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Sharing the parenting overwhelm: How to share the mental and physical load with your partner

In an increasing number of countries children have two working parents, and if the parent is a millennial then two full time working parents. This is in stark contrast to barely 60 years ago when the majority of women stayed at home and the father figure was the main breadwinner. As this change has happened a cultural discussion has emerged around the co-caring parenting model. How should the mental and physical parenting load be shared to allow both parents to have a career while meeting the needs of their children?

While there is no set way to be a working parent there are ways to help you decide how to better allocate the physical and even more importantly the mental load of parenting to ensure that both parents can thrive at work. If the parenting load is unevenly spread then the working parent, who also has the full-time household manager role, does not have the time to reach for stretch goals at work and this can hinder their career development.

Here are my top ideas of how to start the discussion about sharing the parenting load;

1. Communicate the parenting load Keeping an open dialogue is important to really understand the magnitude of your families parenting load. One way to do this is via a regular household meeting. The aim is to allow for a full and open discussion of the recurrent chores and kids activities that both parents need to know about. It is also important that upcoming ad hoc events such as parents evening, uniform/stationary buying requirements and events coming up for both parents are also highlighted. By increasing the transparency of the parenting load both parties are better able to see how they can help each other.

To support this you can create a virtual or paper calendar and to do list. The allocation of tasks could be based on natural skill/available time or they could be parent agnostic in which case either parent can and should take turns to pick them up.

If you happen to be a single parent then it is important to build up a community of support around you, this can be in person or virtually. This allows you to at the very least to have a sounding board for evaluating your parenting load.

In my family the way this works is weekly meetings on a Saturday with my partner and kids. Making sure my kids also see the parenting load allows them to see chances to step in and help support me as their parent. This is also a chance to manage my kids expectations around my availability and contribution to their mental and physical needs in the upcoming week. As my kids live in two blended families I also need to make sure that I have a subsequent discussion with my ex-husband with regards anything that affects him and his partner, but this is mostly done more on an ad hoc basis.

2. Accept that some things might need to be outsourced None of us are superhuman so accepting outside help is vital. If you are lucky enough to live near family that is great and is especially important if you are a sole parent. The reality is that many people live far away from family support networks so outsourcing is an important way to stay sane. Outsourcing can take many forms including childcare, a cleaner, buying in ready meals, sending shirts to the launderette. Whatever your choice it is important that both parents agree what should be outsourced first and then the remaining tasks discussed and re-allocated.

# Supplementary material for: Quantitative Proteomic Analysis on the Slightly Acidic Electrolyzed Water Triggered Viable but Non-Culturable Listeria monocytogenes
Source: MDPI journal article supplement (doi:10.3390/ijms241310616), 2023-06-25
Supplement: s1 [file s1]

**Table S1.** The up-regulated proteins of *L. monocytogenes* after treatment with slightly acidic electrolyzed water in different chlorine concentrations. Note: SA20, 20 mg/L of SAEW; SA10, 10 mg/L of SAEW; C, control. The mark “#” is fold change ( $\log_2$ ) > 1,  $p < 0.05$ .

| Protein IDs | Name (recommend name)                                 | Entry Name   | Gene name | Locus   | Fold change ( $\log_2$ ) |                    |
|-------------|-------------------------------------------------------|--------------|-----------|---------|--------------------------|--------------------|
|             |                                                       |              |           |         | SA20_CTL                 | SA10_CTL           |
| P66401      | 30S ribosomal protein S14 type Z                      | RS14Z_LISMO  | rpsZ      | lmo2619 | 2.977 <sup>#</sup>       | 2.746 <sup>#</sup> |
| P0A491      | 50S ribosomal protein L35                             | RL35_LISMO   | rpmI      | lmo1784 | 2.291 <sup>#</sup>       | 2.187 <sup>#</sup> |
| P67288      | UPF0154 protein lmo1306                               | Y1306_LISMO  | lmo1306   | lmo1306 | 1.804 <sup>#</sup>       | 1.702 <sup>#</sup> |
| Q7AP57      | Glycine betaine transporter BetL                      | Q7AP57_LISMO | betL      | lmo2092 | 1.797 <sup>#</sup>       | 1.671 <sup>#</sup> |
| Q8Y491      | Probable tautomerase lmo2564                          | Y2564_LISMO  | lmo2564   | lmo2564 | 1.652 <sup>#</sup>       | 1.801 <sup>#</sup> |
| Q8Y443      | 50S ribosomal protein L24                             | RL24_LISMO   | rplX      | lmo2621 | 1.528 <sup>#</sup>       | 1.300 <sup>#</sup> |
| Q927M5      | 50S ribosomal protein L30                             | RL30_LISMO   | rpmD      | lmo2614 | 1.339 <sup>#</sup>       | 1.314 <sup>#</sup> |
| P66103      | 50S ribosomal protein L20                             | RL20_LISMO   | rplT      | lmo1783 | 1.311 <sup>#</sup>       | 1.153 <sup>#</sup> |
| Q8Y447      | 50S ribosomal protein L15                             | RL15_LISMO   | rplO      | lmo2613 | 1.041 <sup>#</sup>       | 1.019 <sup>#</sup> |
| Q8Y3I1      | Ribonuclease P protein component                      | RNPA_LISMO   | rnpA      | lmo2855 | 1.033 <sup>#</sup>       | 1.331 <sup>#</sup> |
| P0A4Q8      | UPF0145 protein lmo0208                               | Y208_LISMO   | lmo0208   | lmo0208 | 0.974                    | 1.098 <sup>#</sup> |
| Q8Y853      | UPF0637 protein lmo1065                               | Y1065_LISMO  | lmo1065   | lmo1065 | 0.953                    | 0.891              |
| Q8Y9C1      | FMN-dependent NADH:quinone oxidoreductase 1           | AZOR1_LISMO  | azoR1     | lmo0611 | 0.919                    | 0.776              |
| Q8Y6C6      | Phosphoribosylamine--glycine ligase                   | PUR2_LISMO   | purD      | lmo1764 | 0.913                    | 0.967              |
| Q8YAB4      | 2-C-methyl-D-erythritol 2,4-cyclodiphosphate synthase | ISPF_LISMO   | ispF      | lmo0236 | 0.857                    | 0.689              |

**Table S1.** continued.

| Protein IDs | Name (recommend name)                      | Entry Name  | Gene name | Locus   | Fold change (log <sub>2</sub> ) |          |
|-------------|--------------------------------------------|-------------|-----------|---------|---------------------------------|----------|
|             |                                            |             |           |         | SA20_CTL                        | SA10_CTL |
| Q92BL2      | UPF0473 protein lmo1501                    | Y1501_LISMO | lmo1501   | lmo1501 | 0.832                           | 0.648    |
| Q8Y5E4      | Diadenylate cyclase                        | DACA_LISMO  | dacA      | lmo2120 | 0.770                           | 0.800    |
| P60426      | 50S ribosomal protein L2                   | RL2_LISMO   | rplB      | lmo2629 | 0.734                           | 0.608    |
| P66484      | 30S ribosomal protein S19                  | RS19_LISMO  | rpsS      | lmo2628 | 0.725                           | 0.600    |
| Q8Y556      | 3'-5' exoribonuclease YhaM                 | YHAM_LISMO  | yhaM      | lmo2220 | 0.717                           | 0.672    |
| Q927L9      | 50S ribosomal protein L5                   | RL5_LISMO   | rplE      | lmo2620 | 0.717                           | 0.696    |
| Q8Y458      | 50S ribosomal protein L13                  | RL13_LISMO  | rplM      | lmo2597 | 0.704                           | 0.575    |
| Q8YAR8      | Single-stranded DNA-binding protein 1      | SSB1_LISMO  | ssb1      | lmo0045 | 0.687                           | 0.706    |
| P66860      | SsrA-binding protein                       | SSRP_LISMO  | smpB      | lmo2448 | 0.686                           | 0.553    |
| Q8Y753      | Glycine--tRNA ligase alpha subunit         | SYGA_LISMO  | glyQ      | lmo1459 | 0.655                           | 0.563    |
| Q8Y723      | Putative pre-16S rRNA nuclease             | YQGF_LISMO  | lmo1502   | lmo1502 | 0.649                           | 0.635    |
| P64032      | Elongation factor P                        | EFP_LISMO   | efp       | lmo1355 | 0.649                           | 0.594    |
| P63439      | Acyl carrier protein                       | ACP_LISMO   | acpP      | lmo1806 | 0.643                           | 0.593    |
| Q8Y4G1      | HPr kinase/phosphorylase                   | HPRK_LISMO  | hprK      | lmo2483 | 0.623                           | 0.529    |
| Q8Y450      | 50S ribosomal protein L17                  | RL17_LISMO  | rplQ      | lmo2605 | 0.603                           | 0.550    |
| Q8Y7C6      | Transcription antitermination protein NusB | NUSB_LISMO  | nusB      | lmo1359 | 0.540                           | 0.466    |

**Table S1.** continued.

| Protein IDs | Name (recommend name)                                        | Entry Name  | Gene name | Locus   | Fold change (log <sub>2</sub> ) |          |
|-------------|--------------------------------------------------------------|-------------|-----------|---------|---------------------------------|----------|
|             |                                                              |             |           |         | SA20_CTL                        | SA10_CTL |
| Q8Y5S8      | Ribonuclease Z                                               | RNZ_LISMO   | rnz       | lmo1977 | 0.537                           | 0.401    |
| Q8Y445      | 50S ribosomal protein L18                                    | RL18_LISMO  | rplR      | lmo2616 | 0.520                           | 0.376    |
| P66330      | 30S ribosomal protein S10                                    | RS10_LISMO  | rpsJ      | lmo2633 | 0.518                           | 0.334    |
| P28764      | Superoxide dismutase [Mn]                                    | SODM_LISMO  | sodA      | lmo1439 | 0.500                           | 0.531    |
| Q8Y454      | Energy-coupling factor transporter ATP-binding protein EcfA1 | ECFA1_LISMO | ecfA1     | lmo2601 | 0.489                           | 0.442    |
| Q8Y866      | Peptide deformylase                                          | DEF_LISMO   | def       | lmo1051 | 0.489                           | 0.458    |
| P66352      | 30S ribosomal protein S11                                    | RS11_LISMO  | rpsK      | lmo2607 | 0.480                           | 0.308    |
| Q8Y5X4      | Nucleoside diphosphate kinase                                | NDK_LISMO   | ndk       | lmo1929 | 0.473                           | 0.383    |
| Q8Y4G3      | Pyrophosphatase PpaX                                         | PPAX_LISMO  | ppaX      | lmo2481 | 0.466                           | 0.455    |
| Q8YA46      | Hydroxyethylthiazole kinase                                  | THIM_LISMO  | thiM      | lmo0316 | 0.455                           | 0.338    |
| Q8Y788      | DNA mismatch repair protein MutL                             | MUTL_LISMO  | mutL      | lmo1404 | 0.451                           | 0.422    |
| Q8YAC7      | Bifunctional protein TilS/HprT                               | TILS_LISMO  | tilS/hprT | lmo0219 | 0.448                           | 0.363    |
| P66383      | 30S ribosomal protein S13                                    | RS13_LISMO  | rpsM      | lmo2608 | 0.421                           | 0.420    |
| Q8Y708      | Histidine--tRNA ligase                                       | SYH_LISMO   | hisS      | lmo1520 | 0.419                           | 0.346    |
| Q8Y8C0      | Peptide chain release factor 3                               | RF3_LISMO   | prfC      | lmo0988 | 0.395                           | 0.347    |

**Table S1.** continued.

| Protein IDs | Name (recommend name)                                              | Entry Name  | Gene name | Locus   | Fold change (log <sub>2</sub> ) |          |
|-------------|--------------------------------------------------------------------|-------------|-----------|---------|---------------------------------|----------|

3. No Comparison How your family allocates the mental and physical load is personal to your circumstances. Accepting that every family is different and your family’s choice will be different from anyone else’s is vital to ensure that you make the best choices for your own family and not worry about your neighbours next door and their seemingly perfect life.

4. Review, Review, Review Life continuously changes and what might work when your children are under five might not work once they start school. Allowing your family to continuously review the mental and physical load as your circumstances change ensures that your parenting remains fit for purpose. One idea to support this is an annual away day to help you plan for the year ahead and talk about the bigger topics such as longer-term money and career goals. If you are a sole parent then taking time to talk to your real or community ‘family’ away from your kids is just as important.

Once a family allocates the parenting load it is equally important to also give yourselves leeway – partnerships are a balance and sometimes it can be 50/50 but on other days or even weeks it may look more than 80/20. The aim is to strive for a longer-term balance where overall you feel there is generally balance – this could be over a three-week period, a month or even quarterly. As part of this it is important to keep checking in with your partner to make sure their view of ‘balance’ is the same as yours and quickly identify when you are moving off the co-caring track.

In creating this blog I found some amazing resources at the following links - please check them out.

All opinions are solely my own and do not express the views or opinions of my employer.


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